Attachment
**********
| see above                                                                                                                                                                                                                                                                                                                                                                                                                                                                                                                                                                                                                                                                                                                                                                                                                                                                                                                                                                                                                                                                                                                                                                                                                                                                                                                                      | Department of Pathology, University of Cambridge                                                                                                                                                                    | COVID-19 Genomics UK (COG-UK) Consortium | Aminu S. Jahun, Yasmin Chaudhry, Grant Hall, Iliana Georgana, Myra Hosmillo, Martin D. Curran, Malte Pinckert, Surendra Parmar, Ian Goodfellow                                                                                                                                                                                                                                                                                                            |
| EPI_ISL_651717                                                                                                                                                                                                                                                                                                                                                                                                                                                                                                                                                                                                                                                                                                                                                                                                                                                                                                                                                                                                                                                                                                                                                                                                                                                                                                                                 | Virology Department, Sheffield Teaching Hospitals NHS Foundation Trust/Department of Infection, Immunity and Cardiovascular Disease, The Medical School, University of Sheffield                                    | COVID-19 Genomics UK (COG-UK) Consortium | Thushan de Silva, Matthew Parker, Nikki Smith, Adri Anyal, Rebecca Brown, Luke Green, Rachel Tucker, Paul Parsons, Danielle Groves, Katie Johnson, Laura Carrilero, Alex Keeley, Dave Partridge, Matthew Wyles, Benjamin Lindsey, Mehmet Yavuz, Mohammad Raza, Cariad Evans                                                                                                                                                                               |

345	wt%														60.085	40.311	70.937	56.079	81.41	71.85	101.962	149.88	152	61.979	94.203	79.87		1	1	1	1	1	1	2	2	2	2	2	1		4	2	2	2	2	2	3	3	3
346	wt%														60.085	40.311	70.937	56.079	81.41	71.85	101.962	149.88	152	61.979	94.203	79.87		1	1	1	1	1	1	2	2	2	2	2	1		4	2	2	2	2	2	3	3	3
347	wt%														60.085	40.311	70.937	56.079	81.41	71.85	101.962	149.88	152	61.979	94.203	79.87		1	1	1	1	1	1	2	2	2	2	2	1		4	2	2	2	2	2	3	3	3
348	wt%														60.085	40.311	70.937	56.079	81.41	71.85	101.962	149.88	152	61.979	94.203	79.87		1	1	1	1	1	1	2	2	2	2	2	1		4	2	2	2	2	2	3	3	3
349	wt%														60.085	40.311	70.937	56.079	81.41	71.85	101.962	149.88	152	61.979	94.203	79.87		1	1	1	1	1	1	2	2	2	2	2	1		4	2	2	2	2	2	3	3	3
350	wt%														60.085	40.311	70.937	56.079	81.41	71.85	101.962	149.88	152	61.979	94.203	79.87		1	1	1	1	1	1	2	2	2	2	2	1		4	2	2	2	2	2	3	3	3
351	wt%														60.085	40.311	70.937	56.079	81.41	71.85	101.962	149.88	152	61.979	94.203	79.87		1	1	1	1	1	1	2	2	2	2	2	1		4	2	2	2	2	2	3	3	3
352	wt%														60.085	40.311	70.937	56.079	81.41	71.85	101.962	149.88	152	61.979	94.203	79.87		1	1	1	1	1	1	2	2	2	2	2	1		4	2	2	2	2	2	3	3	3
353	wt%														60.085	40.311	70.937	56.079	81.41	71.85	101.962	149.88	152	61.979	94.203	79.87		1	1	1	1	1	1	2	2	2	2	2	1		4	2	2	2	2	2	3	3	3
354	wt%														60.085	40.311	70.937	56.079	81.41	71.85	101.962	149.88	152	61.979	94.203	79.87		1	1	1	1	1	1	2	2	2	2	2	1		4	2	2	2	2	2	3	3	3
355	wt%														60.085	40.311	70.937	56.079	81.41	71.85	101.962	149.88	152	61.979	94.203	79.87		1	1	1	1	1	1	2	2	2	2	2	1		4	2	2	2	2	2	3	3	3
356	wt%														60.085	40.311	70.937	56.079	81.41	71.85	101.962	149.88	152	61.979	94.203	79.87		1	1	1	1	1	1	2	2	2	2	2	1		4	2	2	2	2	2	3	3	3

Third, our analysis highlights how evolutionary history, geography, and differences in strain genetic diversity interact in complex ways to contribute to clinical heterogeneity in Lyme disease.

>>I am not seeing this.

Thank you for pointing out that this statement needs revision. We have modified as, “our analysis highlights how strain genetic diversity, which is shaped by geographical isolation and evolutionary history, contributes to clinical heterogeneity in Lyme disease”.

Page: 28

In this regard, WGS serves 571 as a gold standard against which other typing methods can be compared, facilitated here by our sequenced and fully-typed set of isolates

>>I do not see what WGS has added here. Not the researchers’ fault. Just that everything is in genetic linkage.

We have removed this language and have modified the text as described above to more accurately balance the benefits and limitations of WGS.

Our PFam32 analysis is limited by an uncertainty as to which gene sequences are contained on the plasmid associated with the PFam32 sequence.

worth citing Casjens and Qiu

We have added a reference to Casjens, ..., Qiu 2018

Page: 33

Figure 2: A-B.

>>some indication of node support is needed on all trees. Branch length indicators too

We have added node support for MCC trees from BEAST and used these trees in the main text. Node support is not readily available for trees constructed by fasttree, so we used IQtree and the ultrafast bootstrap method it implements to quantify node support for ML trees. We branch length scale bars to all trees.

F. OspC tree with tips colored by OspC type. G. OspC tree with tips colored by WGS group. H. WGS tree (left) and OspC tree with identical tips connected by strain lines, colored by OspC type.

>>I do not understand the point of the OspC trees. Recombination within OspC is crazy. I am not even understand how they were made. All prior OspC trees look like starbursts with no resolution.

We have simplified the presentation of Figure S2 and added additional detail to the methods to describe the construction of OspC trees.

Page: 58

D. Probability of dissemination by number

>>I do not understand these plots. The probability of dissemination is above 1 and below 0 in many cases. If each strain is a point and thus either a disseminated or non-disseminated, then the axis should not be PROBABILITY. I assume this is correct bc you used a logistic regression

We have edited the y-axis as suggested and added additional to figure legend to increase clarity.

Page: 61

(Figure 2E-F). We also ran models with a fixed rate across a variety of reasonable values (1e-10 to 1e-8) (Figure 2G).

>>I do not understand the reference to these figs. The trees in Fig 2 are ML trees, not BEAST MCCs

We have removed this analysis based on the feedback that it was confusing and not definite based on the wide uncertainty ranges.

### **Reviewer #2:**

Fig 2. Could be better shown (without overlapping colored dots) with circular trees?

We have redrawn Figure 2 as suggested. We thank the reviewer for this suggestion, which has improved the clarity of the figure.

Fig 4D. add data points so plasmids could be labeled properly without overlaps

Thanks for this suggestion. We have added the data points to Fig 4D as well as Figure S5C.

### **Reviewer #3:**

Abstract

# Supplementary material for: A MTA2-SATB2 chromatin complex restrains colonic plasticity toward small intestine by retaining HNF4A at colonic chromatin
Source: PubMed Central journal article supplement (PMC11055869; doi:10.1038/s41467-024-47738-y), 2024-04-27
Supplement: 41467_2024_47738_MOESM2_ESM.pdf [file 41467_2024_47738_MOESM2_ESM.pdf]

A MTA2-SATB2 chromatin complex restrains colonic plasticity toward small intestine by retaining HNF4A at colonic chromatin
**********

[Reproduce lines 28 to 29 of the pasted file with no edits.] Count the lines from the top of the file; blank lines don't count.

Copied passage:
We have added node support for MCC trees from BEAST and used these trees in the main text. Node support is not readily available for trees constructed by fasttree, so we used IQtree and the ultrafast bootstrap method it implements to quantify node support for ML trees. We branch length scale bars to all trees.

F. OspC tree with tips colored by OspC type. G. OspC tree with tips colored by WGS group. H. WGS tree (left) and OspC tree with identical tips connected by strain lines, colored by OspC type.